July 10, 2008
By DANIEL HENNINGER
How perfect it was that while running for president in 2008, the 40th
anniversary of "1968," Barack Obama should denounce the 1960s. His
candidacy and his times are bland compared to what was happening
then, or so everyone thought.
The year 1968 had a torrent of cataclysmic political events, each of
which might have destabilized any other year.
We just passed Robert Kennedy's assassination, and before that the
Paris student riots in May 1968. Up next month, the Democratic
convention in Chicago – with its pitched battles in Grant Park
between the cops and antiwar demonstrators, the anti-Vietnam protests
inside the hall, Mayor Richard Daley on home TVs screaming
hysterically at Sen. Abraham Ribicoff.
Thus spake Sen. Barack Obama, b. 1961:
"There is no doubt that we represent the kind of change that Sen.
Clinton cannot deliver on. And part of it is generational. Sen.
Clinton and others, they have been fighting some of the same fights
since the '60s. And it makes it very difficult for them to bring the
country together to get things done."
Sen. Clinton "and others" would include House Speaker Nancy Pelosi,
various Senate and House Committee chairmen, DNC Chairman Howard
Dean, and much of the Congressional Black Caucus whose political
formation started and stopped in the civil rights movement of the 1960s.
Insofar as many of the people running Sen. Obama's own party have
spent the past four decades playing the Hatfields to the conservative
McCoys, can one truly say he has freed himself from those times?
As someone might have said back then, sort of.
A phrase born in the '70s out of the feminist movement held that "the
personal is political." As an epigram for the age, she got that
right. Back then, it seemed to make sense.
Neither Barack Obama nor others of his generation can fathom the
fantastic emotional intensity of 1968. It was a year submerged in
physical and emotional violence. After the Martin Luther King
assassination in April, many American cities erupted in violence and
arson, most notably Washington, D.C. The smash-face antiwar movement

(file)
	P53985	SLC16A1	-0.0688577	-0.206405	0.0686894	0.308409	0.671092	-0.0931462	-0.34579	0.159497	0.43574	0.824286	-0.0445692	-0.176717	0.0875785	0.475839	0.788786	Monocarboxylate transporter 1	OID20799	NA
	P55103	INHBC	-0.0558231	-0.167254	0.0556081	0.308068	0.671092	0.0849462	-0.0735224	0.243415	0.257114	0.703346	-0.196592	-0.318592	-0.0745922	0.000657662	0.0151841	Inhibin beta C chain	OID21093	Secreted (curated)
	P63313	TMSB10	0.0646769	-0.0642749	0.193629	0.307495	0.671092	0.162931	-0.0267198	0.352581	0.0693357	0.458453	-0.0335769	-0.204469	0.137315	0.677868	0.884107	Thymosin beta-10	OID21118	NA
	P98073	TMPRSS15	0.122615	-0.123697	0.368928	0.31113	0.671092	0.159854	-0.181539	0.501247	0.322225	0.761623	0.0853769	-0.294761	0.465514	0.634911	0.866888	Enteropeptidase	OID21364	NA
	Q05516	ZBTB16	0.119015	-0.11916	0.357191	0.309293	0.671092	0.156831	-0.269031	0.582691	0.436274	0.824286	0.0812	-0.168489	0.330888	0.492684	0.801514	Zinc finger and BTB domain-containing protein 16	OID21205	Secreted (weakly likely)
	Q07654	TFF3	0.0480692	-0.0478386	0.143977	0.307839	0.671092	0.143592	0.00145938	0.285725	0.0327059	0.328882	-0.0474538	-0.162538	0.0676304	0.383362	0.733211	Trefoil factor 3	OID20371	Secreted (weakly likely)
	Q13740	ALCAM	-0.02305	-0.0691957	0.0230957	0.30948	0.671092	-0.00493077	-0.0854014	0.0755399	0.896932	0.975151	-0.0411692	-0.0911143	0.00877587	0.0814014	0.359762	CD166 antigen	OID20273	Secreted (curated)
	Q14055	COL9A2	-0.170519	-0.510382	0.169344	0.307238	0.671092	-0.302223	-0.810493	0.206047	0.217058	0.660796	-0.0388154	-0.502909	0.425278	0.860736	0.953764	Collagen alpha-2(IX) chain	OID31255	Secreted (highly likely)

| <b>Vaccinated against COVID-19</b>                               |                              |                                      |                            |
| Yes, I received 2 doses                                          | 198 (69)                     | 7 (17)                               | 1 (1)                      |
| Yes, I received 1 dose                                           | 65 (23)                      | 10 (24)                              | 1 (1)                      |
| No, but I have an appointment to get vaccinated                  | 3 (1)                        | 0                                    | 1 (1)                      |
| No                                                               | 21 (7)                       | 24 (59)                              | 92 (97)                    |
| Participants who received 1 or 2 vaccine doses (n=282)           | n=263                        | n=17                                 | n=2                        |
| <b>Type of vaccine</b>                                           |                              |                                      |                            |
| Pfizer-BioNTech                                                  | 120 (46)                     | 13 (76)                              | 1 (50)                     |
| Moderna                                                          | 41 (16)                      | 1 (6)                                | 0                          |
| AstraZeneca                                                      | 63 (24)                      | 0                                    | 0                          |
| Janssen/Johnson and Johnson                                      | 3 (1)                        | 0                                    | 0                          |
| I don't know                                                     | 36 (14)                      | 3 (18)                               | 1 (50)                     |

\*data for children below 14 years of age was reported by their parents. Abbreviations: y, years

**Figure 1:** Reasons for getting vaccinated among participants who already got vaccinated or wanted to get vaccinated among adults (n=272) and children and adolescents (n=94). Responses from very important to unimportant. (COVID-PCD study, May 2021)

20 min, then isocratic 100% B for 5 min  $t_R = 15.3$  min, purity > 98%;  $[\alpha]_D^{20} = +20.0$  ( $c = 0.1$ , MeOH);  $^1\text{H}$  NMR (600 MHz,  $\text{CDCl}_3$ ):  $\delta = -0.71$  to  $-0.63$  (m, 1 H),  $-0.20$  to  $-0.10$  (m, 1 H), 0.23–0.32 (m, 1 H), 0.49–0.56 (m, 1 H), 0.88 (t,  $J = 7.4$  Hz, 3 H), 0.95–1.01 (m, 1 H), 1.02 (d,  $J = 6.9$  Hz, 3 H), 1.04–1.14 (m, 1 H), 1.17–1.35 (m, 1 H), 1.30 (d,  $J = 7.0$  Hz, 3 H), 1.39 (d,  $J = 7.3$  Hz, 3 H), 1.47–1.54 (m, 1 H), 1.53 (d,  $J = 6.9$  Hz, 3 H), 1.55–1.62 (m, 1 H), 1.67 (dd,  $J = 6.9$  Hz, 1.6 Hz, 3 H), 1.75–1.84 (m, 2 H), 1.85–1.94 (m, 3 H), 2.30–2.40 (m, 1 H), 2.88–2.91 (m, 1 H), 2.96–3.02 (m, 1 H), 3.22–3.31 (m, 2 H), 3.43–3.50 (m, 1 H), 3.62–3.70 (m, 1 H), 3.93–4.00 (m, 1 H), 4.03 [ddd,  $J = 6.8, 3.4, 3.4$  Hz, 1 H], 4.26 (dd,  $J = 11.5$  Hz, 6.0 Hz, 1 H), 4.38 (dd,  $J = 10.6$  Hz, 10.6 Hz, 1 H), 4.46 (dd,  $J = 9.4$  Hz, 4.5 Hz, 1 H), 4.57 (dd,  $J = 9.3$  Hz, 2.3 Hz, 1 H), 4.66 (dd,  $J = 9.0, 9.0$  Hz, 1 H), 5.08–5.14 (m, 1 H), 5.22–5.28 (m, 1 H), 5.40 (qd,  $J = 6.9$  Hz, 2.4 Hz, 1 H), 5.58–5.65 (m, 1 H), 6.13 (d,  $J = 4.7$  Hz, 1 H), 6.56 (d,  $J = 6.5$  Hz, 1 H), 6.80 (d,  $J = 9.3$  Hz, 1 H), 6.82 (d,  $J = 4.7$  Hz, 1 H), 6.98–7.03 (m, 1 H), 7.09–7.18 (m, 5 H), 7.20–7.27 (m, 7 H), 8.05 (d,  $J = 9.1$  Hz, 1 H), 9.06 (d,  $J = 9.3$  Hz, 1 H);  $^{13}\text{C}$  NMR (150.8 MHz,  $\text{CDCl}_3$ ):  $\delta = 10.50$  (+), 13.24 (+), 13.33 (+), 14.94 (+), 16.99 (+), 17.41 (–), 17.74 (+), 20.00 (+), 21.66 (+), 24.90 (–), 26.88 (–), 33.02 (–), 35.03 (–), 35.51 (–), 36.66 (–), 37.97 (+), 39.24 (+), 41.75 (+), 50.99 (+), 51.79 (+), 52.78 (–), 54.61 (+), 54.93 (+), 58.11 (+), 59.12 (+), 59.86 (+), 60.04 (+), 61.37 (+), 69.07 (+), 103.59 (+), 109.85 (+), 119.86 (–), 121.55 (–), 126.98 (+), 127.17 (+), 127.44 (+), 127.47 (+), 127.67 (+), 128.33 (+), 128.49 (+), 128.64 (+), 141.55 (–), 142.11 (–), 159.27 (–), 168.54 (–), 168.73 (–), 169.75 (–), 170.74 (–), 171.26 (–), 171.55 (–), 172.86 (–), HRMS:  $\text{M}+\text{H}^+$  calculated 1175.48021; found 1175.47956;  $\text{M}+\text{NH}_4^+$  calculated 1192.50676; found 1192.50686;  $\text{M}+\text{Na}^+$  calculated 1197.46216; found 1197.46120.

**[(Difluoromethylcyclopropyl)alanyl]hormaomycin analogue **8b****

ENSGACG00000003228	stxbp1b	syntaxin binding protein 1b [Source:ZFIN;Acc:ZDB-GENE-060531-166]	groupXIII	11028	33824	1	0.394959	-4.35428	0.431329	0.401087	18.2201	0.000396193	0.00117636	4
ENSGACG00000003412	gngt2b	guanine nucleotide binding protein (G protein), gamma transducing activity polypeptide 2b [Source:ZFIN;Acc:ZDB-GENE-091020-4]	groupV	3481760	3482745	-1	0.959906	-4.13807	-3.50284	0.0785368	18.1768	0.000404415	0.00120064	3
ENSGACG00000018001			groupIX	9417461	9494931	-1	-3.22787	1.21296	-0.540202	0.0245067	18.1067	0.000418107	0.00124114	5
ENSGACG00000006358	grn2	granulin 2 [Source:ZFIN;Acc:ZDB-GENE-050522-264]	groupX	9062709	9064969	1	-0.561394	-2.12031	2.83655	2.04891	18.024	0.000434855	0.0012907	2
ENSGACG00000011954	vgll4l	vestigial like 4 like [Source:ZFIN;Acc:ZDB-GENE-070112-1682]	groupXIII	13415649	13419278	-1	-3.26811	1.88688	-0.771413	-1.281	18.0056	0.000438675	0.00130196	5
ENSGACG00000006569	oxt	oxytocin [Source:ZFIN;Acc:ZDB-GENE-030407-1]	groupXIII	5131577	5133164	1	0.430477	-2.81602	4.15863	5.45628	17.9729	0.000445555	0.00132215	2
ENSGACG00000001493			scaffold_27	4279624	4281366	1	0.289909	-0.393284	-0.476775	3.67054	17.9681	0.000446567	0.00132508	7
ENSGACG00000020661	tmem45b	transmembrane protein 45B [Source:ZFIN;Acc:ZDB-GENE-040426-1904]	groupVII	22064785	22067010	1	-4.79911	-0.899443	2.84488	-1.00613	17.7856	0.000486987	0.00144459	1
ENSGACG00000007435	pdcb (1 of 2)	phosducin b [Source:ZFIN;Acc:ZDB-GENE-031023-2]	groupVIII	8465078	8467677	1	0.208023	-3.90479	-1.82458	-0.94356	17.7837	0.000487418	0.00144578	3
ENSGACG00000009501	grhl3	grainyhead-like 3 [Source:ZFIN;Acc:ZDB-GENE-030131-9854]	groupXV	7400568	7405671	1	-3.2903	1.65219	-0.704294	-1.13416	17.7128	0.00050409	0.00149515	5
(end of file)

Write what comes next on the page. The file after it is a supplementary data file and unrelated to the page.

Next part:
For the then-young men and women of the liberal left, politics
became, and remained, unapologetically personal. The falling away of
restraint on personal behavior required that the new ethos had to be
codified by politics and the courts. Fighting for the right to hang
erotic art in a Cincinnati museum became their idea of crucial
struggle. Their counterparts on the right were appalled. The point is
that for both sides, 1968 was a political furnace; it forged belief
systems that drive many in politics today, especially Democrats.
Hillary Clinton came out of this intensely fought milieu. Barack
Obama did not. When Obama criticized the fights born back in the
'60s, he was severing the personal from the political. He is
personally very different from these people. (I wouldn't say this
about Michelle Obama.)
What has struck me most about Obama's personality is that it conveys
nearly no sense of irony. Hillary in stump speeches would respond to
applause for her tales of woe by bobbing her head and forming her
mouth into a knowing smirk. Obama doesn't do "knowingness." He's
earnest and emotionally quiet. Making un-ironic earnestness seem
charismatic is hard, but he's doing it.
His recent flip-flops on guns, the death penalty and Iraq suggest he
is less inclined to belief-based '60s style activism than to
pragmatic opportunism. The old school wanted to triumph. He wants to succeed.
The Democratic bloggers, truly a tribe descended from 1968, hate
Obama's easeful flexibility. But it explains in part how he is
slipping by with a standard liberal policy-set no one seems to
notice. A lot of moderate Democrats and younger voters, who consider
themselves mainly achievers rather than activists, are OK with this.
They would rather vote for a flexible opportunist than a committed
man of the left. So that's what they're getting.
If he wins, though, the country would have a president who lacks
personal and political clarity. This would give the politics of hope
new meaning. What precisely do voters think they're getting? You
don't have to wait for an answer. It will be supplied in January by
Nancy Pelosi, Harry Reid, the House caucus and many others who turned
professional after the '60s and know what to do with a big governing
majority in Congress.
For Democrats who think 1968 was yesterday, the next four look good:
Obama's personality produces a win (proving the personal remains
political), and the win produces traditional party goals on universal
health insurance, tax levels and, not least, the more modest American
footprint in the world they have sought since the charismatic Jack
Kennedy got the country into Vietnam. Looks like the sunshine may be
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